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:~: Wednesday, September 27, 2006 :~:

Check Your Ego at the Door

A few weeks ago I attended a local writer's conference. Despite the small town setting and relatively small number of attendees, we had some big names running the workshops--multi-pubbed, bestselling authors, well-known and respected agents, university instructors.

Friday night I took a course on character development.

If you keep up with this blog, you know that I've been steeped in character development since my agent made the vague comment on Cassie, Rio and Saul in Safe In Enemy Arms: "They're not...3-D enough."

That was about six months ago.

In accordance with my compulsive nature, I went on a quest for those "real" qualities. I analyzed my manuscript, outlined each character's GMC, history, quirks. I literally spent months and months researching the hell out of the all-important character development. I read books and articles by the best of the best, took courses, discussed it via e-mail with bestselling authors. I even wrote a three-part article on the subject and posted on this blog: Deepening Character with a Powerful Tri-Fecta: Internals, POV Filters & Props.

So, when I took this course at the conference, I wasn't really expecting to learn anything earth shattering, but rather seeking that mysterious element of understanding, grasping at that elusive skill that continued to hide in the shadows, just out of my reach.

I enjoyed the lecture and the instructor. There was no ah-ha moment. There was no identification of the missing link. The majority of his points were things I'd heard or read somewhere else. He echoed quite a bit of knowledge I already had rattling around in my brain.

I could have written it off as just that--nothing knew. But on the drive home, my mind drifted back over the lecture, reanalyzed his examples. There I found several concepts I hadn't considered in quite the way he'd presented them, hadn't taken notice of their importance in my writting to the degree I should have. (If/when I get my head around any of them sufficiently, you'll be the first to know.)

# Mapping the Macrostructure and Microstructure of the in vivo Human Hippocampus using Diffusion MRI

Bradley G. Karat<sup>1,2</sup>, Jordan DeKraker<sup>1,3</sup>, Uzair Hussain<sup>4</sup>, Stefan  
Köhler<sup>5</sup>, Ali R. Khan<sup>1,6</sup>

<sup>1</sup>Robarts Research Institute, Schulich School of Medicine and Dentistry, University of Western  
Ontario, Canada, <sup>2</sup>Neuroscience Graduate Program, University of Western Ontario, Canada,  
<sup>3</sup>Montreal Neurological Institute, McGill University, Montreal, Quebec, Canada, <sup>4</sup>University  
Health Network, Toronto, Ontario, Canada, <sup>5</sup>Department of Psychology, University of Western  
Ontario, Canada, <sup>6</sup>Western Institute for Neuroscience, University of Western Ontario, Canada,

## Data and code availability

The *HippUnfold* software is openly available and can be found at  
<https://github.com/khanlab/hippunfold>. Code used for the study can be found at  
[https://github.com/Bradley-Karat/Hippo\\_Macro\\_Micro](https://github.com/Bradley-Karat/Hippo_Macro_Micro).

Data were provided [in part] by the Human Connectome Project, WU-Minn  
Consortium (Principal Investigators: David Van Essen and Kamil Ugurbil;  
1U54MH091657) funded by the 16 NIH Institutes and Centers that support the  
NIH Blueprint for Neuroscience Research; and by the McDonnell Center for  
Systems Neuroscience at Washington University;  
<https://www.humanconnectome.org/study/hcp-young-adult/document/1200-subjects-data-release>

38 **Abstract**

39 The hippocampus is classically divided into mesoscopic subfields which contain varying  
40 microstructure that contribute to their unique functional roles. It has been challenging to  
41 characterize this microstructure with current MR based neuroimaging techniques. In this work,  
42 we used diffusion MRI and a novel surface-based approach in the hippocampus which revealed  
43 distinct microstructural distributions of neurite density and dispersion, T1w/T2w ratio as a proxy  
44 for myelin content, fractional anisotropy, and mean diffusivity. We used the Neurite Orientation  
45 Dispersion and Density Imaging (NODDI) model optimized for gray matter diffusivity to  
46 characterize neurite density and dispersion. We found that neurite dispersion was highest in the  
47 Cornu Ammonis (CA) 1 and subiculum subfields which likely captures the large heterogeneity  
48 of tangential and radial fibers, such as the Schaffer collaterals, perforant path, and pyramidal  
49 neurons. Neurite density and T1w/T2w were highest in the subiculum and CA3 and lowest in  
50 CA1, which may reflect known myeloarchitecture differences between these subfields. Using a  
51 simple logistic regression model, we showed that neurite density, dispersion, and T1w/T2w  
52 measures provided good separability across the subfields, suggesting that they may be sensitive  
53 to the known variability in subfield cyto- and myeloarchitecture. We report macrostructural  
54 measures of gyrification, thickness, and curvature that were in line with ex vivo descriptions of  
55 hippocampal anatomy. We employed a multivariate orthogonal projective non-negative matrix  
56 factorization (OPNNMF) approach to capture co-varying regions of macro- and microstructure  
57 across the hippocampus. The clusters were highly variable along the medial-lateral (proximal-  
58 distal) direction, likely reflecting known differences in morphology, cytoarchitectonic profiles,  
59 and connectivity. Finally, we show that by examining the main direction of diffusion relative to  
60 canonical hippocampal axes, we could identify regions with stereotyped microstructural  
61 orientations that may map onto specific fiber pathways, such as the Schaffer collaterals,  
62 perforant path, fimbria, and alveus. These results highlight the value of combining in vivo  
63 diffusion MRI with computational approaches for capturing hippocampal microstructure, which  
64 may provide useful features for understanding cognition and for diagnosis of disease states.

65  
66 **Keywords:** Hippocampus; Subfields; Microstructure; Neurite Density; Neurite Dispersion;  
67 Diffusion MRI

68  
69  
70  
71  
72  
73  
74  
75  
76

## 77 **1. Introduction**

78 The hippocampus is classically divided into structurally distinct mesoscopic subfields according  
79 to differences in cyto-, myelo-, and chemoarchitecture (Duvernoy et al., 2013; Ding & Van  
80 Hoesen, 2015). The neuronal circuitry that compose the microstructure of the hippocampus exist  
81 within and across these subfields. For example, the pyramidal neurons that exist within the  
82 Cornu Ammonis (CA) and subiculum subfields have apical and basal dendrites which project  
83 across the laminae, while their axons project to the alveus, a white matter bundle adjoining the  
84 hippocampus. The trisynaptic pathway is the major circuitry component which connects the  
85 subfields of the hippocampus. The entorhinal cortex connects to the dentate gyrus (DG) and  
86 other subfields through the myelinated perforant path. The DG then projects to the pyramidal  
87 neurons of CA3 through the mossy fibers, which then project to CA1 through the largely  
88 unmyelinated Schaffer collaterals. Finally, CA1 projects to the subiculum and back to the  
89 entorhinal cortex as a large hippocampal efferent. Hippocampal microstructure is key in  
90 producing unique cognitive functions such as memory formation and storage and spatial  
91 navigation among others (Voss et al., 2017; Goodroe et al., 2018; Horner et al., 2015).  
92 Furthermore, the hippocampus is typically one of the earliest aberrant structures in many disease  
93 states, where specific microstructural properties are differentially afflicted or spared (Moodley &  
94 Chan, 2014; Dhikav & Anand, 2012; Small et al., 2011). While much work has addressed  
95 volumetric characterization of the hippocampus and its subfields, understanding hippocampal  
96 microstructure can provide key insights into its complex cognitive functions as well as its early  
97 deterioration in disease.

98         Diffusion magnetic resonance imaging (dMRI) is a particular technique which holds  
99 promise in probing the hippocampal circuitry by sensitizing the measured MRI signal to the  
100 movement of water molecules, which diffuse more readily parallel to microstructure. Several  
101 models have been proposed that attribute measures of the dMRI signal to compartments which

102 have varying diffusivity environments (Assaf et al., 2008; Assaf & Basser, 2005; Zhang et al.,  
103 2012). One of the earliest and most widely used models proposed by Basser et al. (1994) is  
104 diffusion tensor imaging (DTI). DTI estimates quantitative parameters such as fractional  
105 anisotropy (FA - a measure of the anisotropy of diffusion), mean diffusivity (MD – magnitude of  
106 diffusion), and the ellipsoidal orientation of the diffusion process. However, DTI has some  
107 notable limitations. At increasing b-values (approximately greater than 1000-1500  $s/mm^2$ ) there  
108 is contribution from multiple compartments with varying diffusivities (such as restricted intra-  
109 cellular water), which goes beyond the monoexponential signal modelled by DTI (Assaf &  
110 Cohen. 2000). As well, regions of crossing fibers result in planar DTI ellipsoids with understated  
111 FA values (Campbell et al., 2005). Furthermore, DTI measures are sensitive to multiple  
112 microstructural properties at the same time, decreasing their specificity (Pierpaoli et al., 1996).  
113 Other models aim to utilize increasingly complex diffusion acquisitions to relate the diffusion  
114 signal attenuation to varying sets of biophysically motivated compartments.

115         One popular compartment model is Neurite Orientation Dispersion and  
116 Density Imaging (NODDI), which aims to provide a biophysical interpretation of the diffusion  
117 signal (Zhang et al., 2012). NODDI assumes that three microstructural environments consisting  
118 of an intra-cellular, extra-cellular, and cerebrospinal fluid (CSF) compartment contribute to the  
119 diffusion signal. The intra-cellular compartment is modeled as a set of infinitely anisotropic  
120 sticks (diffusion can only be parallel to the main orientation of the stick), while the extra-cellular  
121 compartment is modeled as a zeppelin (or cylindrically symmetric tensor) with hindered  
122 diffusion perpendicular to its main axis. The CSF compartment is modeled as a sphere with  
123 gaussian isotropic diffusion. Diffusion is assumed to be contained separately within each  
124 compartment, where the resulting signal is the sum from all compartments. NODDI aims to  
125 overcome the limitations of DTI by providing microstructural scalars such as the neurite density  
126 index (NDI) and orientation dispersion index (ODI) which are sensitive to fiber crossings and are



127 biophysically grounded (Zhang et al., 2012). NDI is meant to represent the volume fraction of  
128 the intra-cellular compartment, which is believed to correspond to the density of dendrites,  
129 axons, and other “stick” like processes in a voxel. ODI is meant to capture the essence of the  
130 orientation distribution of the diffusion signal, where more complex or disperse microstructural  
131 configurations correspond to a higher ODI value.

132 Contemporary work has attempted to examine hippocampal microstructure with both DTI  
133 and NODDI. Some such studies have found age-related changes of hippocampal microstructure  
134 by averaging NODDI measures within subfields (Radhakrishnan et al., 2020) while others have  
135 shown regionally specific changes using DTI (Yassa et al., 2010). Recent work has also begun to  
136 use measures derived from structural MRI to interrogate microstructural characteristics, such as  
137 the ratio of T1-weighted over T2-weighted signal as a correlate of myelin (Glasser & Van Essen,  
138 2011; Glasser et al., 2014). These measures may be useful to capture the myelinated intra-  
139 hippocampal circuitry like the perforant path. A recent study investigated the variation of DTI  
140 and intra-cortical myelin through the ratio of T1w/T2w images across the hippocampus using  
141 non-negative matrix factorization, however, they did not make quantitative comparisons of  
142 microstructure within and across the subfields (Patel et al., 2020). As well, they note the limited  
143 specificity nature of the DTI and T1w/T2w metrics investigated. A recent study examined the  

The more I thought about it, the more I saw. The more I saw, the more I learned.

And, the more I learned, the more I realized I didn't know.

Many of you, or rather, those of you with an open mind, are probably familiar with that phenomenon.

The next day I was lounging on the steps of an outdoor sitting area with the other conference attendees, doing what all good writers should always be doing: eavesdropping.

Several of the people in a group nearby had been at the same course on character development the night before and were discussing the quality of the lecture and its content.

I heard things like:

"Nothing I haven't heard before."

"He went off on too many tangents, not a very good lecturer."

"Have you read his work? It's not very interesting."

And, my favorite, which several of the group's members echoed: "I got about fifteen minutes of good information out of it."

It was a ninety-minute lecture. The speaker had written eleven novels, sold nine of them. He'd taught writing courses at a Los Angeles university for over twenty years. He ran his own editing business on the side.

And they got fifteen minutes of good information? They didn't hear anything they didn't already know? He's not a good lecturer? His work isn't interesting?

I had the biggest revelation of the conference right then: The reason so many writers write for years and don't improve, the reason so many writers write but never get published, is because their egos are too damned big.

As Ashley Grayson said in his lecture How to Write a Book Worthy of a Second Printing: A writer has to be a master of the craft.

The first step toward mastering the craft (IMHUO): check your ego at the door.


Blogger Karin Tabke said...

good points, Elisabeth. A long long time ago, I was probably one of those you overheard. Not anymore. Must. Be. A. Sponge. At. All. Times.
No fresh juice? You shrivel up and die.

10:41 AM  
Blogger Karin Tabke said...

ooops, sorry, meant to say, Joan.

10:42 AM  
Blogger Joan Swan said...

LOL. Nice analogy.

2:20 PM  
Blogger Theresa said...

I think the longer you write, and the more experience you get, the more you realize that you don't know nearly as much as you thought.


There was a point though, when I had a good grasp of POV and show don't tell and all the other elements of writing--that I'd go to conference work shops and just surface listen. So I'd come away feeling like I hadn't learned anything new.

With the more experince you gain, though-- you begin to realize that your knowledge just barely scratches the surface.

9:00 PM  
Blogger Joan Swan said...

So very true, Theresa.

9:52 PM  
Blogger Elisabeth Naughton said...

I agree. There's *always* something you can learn - even when you think you can't. Writers who think they know everything are major turn offs for me. Makes me not want to buy their books.

4:16 PM  
Blogger Joan Swan said...

Me too, E. Another reason to keep an open mind, watch what you say in public (or anywhere or to anyone that could become public) and treat others the way you'd like to be treated.

I'm a big believer in karma, kharma, karmah? You know what I mean. :-)

5:54 PM  

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